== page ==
1. Medication errors: Through AI-based summarization of the medication history and identification of key risk factors for adverse drug events, potential drug-drug interactions, drug-allergy reactions, and drug-disease contraindications, Amanuensis will help physicians prescribe safer medications.
  2. Procedural/surgical errors: With access to patient responses to relevant AI-generated questions, physicians will be more prepared for procedures and surgeries, and will be able to identify potential complications and risks.
  3. Diagnostic errors: By providing physicians with a summary of the patient's medical history, relevant clinical findings, and most salient symptoms, Amanuensis will help physicians make more accurate diagnoses and avoid treatment errors.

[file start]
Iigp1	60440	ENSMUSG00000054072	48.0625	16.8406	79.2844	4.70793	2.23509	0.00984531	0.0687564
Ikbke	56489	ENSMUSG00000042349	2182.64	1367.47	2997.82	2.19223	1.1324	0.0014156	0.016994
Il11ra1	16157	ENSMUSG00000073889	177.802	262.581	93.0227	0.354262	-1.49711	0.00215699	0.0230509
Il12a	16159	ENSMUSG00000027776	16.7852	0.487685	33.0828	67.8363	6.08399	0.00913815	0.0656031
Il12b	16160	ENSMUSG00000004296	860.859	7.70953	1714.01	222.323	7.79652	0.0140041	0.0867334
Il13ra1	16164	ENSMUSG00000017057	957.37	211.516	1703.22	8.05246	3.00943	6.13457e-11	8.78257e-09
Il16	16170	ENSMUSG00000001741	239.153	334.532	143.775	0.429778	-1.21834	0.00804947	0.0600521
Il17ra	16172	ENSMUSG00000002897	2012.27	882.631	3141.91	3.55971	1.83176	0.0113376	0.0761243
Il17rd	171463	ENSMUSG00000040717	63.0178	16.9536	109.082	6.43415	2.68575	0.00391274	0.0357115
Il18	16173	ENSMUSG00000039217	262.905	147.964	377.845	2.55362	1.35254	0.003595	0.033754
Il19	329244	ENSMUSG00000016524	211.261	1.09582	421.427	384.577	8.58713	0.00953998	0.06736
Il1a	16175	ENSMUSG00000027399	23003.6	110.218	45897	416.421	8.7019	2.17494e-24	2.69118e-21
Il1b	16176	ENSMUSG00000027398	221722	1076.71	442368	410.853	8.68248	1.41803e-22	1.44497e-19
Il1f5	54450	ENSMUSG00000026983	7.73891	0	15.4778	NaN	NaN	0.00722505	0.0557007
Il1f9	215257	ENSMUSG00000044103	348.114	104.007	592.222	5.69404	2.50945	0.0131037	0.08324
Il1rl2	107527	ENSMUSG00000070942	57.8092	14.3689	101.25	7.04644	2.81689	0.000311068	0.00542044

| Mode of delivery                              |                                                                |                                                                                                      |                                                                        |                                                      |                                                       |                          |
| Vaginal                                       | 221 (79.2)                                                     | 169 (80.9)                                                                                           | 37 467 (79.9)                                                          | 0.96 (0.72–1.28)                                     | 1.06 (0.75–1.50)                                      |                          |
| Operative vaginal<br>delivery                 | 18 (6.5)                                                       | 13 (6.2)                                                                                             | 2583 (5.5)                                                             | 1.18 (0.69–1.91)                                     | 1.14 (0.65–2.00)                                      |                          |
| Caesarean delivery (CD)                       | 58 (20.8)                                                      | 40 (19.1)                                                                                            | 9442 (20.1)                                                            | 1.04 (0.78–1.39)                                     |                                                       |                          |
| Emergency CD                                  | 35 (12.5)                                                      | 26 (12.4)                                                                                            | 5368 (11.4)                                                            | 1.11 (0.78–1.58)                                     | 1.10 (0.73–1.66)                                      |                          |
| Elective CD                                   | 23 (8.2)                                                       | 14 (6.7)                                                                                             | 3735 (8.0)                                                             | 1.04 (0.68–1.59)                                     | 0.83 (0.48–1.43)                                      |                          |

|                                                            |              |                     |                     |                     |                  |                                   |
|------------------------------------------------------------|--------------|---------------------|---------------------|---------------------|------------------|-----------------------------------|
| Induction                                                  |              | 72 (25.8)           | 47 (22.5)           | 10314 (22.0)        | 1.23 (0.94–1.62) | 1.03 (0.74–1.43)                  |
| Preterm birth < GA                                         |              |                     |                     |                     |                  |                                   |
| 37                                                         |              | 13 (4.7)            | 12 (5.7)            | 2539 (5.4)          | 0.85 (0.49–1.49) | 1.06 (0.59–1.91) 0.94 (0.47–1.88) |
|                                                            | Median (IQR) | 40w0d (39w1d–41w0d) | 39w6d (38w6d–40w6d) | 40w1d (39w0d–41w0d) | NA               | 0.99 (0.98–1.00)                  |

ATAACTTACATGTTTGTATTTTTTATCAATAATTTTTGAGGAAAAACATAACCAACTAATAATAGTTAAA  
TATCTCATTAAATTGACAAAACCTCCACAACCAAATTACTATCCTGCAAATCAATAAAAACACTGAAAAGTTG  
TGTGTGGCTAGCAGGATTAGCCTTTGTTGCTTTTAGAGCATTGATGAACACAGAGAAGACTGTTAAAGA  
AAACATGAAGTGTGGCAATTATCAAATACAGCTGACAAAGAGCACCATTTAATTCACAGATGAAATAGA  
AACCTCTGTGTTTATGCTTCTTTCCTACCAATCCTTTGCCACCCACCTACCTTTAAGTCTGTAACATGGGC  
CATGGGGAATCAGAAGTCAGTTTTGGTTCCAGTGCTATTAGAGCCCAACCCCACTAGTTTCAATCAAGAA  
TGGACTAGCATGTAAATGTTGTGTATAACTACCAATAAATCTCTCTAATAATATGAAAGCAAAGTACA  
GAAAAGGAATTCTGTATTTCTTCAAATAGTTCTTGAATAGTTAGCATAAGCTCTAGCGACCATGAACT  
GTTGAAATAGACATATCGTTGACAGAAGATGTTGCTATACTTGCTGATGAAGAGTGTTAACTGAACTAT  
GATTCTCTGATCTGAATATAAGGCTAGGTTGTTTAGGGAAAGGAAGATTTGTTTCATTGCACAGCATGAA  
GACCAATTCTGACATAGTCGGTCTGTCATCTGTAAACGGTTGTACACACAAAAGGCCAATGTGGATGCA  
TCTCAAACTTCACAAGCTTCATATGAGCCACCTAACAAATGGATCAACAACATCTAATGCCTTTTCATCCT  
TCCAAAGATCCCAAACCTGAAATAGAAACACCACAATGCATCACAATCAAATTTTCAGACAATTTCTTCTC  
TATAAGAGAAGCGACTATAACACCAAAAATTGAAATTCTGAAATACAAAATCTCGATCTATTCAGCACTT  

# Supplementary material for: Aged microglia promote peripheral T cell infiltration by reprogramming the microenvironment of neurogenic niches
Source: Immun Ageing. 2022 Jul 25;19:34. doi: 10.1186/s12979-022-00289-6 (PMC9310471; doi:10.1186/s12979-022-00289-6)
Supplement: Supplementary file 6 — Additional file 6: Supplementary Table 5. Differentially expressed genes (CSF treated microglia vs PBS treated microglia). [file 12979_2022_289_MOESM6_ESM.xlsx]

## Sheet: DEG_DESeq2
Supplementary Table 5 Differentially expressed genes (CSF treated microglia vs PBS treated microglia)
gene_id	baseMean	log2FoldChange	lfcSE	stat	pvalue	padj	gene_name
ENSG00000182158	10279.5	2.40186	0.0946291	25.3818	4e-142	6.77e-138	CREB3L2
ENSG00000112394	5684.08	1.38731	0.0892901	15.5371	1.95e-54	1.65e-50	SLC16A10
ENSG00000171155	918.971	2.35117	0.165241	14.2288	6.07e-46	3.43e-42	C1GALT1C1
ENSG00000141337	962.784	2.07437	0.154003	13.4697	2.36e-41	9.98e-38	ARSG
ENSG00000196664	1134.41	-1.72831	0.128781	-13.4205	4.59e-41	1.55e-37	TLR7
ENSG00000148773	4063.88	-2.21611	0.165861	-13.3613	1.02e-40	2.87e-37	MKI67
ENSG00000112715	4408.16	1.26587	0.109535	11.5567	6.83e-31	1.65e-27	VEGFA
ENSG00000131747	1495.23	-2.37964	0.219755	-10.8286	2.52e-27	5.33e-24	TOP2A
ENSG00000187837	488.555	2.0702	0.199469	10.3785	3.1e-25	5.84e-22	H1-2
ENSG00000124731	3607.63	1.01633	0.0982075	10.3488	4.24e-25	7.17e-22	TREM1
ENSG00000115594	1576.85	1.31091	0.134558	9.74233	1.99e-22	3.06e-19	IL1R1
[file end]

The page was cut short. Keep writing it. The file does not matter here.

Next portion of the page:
We thank Dr. Paul Tang for his time and guidance throughout the hackathon.

Best Startup and Most Likely to Become a Business

The EHR industry is ripe for disruption. Among hospitals with over 500 beds, the two dominant EHR systems, Epic and Cerner, hold 85% market share: Epic’s market share is 58%, and Cerner’s market share is 27%. Yet, physicians consistently express frustration with antiquated and inefficient interface. By contrast, Amanuensis offers a unique value proposition to physicians: a seamless, AI-powered assistant that may integrate with or supplant existing EHR systems. We believe that Amanuensis will be well positioned to disrupt the EHR industry and become a leading provider of AI-powered clinical decision support tools.

Best Use of Data